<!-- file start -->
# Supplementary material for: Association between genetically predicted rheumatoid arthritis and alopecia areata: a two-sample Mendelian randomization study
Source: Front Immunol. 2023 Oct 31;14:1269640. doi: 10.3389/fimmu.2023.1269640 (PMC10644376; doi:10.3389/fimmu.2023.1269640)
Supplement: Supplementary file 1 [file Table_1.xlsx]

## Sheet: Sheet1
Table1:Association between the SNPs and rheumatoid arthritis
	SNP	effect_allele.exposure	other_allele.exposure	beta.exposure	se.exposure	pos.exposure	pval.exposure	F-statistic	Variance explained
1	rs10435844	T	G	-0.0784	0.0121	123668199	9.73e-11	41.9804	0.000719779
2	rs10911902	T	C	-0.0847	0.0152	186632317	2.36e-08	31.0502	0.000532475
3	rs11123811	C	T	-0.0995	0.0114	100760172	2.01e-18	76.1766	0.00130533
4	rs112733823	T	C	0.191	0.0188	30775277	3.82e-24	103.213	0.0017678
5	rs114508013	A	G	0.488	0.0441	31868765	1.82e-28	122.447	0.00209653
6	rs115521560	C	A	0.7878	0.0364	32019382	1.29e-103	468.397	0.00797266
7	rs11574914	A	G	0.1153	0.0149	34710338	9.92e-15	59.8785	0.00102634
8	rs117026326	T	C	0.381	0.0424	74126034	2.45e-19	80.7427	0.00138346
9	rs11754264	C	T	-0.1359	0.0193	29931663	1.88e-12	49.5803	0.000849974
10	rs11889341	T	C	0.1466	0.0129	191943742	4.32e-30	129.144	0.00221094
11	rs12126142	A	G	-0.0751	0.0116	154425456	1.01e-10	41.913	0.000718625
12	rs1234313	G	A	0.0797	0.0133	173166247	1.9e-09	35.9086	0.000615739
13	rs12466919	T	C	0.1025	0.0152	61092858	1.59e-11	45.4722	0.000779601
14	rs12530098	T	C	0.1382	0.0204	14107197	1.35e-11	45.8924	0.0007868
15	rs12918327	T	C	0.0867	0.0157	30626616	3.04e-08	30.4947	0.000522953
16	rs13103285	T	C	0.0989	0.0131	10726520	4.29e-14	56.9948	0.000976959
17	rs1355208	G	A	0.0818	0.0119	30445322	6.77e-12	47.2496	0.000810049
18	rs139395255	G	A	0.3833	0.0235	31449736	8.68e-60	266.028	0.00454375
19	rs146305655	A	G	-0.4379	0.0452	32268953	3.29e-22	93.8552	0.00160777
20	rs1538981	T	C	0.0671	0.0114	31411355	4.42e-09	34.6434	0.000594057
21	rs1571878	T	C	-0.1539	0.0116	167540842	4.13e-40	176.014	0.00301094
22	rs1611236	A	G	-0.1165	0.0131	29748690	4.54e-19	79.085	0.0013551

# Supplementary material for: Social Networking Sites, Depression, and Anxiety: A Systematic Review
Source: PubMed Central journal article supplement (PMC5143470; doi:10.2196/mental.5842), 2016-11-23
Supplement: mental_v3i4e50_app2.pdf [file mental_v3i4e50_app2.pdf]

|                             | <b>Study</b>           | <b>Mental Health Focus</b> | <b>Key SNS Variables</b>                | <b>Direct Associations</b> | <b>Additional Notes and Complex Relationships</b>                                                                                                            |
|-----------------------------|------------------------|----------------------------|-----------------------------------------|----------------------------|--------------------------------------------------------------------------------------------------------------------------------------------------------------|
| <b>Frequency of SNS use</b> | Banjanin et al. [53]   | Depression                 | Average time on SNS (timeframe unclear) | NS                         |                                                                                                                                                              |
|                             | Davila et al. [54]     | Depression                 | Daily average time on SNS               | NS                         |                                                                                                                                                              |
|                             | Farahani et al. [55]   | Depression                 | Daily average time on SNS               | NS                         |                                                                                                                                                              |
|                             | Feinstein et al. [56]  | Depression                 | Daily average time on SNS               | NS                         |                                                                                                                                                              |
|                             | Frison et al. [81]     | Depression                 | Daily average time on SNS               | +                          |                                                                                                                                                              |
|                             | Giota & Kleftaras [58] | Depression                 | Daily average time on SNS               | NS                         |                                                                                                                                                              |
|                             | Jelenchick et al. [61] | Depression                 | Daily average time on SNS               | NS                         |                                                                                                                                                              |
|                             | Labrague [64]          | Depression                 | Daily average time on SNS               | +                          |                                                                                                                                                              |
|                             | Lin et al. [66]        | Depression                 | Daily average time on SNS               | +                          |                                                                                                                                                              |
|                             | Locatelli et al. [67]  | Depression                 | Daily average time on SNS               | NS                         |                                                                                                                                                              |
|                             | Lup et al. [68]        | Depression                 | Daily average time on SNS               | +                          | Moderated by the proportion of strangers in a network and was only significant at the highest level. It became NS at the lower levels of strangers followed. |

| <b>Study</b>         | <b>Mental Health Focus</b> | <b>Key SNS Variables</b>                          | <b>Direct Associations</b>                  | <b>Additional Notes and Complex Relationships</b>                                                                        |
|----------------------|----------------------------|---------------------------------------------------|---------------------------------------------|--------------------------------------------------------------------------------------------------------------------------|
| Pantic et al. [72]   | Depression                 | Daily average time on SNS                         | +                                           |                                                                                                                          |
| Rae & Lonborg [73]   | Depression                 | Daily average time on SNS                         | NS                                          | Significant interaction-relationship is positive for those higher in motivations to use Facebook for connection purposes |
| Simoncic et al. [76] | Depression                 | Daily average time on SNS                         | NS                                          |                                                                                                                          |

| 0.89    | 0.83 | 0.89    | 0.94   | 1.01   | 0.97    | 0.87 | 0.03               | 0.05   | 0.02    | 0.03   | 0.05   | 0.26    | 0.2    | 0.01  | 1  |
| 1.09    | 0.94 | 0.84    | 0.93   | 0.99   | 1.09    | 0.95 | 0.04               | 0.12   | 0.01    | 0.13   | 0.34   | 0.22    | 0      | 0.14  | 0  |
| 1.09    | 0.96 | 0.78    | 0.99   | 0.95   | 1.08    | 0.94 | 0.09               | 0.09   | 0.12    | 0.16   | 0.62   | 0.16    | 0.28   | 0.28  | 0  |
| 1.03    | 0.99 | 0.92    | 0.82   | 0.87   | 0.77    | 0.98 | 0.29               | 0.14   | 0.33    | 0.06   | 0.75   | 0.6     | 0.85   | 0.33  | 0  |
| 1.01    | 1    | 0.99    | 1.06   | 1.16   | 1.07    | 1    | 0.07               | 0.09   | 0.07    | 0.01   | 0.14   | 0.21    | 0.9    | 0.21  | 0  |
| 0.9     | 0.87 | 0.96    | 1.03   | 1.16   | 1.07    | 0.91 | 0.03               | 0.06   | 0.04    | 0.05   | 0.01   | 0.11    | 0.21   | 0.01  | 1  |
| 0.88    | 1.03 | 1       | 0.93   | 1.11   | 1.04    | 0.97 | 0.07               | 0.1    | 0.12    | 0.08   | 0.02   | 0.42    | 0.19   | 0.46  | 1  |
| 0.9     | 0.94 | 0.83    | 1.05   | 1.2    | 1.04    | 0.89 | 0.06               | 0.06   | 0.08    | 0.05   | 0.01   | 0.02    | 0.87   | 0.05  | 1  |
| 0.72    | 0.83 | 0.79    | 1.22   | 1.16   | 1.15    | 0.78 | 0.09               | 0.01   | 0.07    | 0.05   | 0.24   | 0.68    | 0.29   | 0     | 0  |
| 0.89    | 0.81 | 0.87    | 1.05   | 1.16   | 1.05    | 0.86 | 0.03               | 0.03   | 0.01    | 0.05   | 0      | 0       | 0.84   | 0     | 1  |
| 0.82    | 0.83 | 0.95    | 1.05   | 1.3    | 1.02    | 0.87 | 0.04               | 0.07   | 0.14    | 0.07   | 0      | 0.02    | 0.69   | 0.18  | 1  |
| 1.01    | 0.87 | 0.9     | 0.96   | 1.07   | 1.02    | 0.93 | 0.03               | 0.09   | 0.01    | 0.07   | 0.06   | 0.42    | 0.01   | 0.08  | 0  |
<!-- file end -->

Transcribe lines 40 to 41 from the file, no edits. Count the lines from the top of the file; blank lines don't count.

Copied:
|                             | Jelenchick et al. [61] | Depression                 | Daily average time on SNS               | NS                         |                                                                                                                                                              |
|                             | Labrague [64]          | Depression                 | Daily average time on SNS               | +                          |                                                                                                                                                              |